2 x Vinyl LP, Compact Disc (CD)
Italian composer and synthesizer player Caterina Barbieri forms expansive patterns with tiny building blocks, weaving massive tapestries of sound from the smallest starting points. Before she picked up this style, she studied classical guitar at the Conservatory of Bologna, soaking in the sounds of J.S. Bach, ‘60s minimalist composers, and Keiji Haino alike. And while those influences may seem, at surface level, far afield from each other, in Barbieri’s music, threads from each unite to create an otherworldly sound.
On her latest album Spirit Exit Barbieri continues exploring her interest in using small phrases to construct something bold. But where previous albums like 2017’s Patterns of Consciousness and 2019’s Ecstatic Computation were often exuberant and thickly woven, Spirit Exit teeters between moments of density and lightness, between age-old and modern musical ideas. Much of the music she presents here is inspired by women philosophers and poets from bygone eras, like St. Teresa D’Ávila and Emily Dickinson; while those inspirations never feel overt, they drive the album’s seesaw effect between futuristic and archaic sound. She leans into the drama between these contrasts, exploring how these era-spanning influences clash and intersect.
From the album’s first moments, we’re introduced to Baribieri’s signature style: “At Your Gamut” opens with a metallic swish that grows and spirals outward, slashing through reverb-laden plucks and bubbling melodies. A simple phrase loops and grows as the piece progresses, slightly shifting from a sharp to a fuzzy timbre and gradually disappearing into a cloud of hazy sound. “Broken Melody” similarly radiates out, returning to earlier motifs on the album but transforming them through new distortions—robotic voices, nasally hums, crashing beats—and ending in an anthemic synth-pop ballad. These tracks showcase how Barbieri crafts panoramic views, letting phrases blossom from small ideas into explosions.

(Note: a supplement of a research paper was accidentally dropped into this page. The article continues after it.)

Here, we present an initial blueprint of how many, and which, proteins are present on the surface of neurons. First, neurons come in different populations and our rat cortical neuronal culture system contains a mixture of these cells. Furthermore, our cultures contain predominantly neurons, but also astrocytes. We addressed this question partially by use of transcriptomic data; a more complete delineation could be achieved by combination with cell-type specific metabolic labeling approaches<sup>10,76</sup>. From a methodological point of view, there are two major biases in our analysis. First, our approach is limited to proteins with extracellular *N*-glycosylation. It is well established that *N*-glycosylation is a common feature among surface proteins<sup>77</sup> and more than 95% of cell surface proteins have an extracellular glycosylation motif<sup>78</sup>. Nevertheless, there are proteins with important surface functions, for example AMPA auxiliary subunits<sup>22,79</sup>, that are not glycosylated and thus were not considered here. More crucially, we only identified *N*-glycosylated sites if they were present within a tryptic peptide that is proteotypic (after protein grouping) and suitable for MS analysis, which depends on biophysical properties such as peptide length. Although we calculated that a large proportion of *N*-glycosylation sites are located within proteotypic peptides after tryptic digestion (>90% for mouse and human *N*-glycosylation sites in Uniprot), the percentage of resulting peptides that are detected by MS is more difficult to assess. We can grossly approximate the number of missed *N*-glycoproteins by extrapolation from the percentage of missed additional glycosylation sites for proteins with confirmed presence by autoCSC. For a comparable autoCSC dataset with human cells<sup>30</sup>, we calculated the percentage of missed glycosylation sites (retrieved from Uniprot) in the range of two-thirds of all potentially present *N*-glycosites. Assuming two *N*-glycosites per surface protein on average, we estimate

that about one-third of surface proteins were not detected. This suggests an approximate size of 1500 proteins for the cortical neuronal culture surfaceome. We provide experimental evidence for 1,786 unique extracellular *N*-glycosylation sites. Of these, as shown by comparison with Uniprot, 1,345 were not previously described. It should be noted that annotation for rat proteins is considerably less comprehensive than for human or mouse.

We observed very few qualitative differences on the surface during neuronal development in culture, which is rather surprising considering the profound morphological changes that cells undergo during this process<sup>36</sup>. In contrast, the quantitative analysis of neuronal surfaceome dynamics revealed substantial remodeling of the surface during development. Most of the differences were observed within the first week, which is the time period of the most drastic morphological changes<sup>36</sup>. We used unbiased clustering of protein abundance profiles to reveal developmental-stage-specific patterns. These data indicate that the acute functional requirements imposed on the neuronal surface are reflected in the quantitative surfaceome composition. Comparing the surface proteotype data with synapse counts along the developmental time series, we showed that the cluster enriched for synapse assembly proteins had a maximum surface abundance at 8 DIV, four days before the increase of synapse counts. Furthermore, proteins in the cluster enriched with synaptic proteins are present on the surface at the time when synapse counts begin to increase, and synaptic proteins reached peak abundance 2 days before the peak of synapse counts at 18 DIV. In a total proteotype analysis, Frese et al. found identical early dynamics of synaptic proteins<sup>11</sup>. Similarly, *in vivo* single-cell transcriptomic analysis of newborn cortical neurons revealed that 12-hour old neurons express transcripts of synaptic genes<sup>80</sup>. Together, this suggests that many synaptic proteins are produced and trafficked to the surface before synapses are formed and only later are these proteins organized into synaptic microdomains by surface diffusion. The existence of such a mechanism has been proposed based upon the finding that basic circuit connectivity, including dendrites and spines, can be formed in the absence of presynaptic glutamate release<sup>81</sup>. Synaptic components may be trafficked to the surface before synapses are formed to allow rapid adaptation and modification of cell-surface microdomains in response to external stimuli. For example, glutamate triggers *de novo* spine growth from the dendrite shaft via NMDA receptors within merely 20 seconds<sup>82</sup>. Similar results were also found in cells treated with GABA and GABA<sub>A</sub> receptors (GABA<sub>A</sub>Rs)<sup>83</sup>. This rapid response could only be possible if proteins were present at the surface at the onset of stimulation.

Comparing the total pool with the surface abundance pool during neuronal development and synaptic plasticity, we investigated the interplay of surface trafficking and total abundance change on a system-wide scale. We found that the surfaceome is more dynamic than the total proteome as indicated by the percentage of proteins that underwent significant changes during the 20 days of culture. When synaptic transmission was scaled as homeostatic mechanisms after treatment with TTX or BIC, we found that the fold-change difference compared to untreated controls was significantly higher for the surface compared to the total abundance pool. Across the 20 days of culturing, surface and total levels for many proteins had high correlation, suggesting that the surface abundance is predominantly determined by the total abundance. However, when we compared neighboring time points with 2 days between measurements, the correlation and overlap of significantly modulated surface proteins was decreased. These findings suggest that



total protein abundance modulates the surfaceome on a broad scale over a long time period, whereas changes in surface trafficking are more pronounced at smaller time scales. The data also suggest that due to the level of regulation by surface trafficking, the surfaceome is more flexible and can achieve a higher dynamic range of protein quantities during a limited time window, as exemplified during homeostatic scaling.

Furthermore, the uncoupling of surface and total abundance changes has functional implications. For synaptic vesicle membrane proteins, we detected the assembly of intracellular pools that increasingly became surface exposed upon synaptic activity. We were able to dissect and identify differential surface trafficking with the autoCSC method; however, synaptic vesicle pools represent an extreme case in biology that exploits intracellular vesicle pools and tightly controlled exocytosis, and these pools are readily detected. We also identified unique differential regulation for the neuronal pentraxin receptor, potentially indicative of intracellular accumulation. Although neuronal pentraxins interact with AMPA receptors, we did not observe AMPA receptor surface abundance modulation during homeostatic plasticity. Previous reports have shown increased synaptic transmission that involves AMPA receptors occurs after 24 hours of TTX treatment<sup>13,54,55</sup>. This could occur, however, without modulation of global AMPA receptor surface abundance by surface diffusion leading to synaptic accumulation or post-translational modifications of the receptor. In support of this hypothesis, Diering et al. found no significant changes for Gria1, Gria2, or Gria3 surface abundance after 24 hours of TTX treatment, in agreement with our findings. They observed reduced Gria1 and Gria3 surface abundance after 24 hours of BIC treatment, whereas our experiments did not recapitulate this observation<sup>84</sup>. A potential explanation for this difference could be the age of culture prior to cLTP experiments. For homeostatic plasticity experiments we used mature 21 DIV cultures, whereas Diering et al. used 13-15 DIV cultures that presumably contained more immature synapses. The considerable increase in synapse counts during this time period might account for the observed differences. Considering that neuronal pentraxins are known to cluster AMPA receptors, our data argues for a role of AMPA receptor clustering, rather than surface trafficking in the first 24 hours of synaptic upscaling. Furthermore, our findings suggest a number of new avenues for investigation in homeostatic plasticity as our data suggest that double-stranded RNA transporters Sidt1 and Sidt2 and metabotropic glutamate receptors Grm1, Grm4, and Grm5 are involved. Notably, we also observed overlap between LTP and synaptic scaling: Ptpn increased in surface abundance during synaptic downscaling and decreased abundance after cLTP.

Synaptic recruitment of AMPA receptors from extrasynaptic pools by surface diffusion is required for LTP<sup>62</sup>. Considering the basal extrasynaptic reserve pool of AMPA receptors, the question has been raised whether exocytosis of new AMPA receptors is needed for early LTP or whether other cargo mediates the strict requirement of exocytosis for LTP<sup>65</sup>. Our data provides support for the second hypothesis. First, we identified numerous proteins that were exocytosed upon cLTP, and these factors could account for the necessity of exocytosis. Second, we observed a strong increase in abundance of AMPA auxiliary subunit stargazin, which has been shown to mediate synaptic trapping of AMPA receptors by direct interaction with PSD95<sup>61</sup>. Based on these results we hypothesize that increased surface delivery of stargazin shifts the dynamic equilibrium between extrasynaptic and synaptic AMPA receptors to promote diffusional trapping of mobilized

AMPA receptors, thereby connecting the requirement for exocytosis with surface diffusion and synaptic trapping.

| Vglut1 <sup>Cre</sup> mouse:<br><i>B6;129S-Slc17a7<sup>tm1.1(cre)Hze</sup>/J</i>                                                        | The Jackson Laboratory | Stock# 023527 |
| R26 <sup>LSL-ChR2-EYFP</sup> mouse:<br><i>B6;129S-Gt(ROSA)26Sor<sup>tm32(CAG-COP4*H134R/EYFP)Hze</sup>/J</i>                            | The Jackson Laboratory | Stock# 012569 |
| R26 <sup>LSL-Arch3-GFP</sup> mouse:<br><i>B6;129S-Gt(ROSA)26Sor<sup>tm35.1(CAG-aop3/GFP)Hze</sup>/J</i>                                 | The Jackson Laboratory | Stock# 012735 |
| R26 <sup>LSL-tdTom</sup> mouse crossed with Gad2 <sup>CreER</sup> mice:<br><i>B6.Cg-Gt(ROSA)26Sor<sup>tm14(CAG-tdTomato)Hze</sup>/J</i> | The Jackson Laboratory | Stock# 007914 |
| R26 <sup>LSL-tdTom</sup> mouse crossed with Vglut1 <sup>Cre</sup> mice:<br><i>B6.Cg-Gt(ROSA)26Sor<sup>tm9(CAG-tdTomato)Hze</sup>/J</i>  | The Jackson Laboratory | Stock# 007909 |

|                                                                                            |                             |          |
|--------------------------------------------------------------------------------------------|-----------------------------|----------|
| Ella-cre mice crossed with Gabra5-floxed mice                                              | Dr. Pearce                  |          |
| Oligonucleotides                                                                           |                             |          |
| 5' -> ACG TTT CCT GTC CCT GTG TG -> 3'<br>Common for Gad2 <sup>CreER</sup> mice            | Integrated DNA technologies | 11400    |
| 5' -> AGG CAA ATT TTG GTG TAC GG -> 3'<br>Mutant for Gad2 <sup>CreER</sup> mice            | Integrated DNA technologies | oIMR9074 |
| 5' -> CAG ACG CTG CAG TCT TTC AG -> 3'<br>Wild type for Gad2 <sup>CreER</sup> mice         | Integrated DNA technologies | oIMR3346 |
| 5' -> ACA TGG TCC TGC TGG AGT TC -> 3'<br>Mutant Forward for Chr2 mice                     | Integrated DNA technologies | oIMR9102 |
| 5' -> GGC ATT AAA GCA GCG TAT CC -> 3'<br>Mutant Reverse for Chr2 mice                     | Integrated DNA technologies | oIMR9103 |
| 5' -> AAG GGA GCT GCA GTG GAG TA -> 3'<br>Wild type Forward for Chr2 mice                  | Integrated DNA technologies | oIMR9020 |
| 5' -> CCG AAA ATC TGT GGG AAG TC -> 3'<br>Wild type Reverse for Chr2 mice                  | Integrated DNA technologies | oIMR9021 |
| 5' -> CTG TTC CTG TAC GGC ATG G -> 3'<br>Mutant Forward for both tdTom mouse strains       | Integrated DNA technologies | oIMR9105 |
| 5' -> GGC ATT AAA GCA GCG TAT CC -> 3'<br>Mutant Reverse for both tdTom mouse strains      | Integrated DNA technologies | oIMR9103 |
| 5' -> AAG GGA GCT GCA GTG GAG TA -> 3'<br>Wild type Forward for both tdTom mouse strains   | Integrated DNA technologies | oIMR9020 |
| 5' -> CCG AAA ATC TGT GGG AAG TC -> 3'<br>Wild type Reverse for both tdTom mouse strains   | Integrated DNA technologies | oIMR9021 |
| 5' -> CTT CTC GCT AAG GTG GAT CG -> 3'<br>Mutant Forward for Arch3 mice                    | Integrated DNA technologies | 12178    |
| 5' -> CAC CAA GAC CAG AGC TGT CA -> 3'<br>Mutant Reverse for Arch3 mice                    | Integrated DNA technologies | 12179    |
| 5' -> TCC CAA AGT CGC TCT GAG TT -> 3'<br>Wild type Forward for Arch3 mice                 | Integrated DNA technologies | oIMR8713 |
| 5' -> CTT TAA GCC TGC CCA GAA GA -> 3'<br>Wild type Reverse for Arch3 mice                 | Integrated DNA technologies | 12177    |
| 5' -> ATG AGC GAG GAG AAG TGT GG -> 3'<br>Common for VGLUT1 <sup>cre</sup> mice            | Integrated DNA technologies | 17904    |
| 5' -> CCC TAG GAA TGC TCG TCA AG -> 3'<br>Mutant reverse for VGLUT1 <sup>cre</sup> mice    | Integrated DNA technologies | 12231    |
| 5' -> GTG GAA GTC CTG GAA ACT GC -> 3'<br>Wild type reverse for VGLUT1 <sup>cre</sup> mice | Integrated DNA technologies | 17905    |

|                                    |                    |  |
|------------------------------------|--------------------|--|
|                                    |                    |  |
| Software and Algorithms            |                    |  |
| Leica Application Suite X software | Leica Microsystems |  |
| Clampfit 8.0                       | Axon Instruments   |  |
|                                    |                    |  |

When Barbieri’s voice enters, it often sounds like a blown-out 15th-century choir, metallic yet hymn-like. “Transfixed,” for example, is a solemn song that features a harpsichord-like sound and melismatic voice all shrouded in reverb, like a church polyphony filtered through the lens of the 21st century. In those moments, Barbieri’s music feels like a blend of history and future, colored by the threads of the past that inspire her but still forward-looking in execution. It’s this constant push and pull between Baribieri’s silvery, future-facing electronics and medieval harmonies that drive Spirit Exit’s ancient-yet-contemporary feeling. In the end, she creates something that feels not quite of the past, the present, or what’s to come—it’s a little otherworldly and a little mystical, content to hang between technicolor dreams and wispy memories.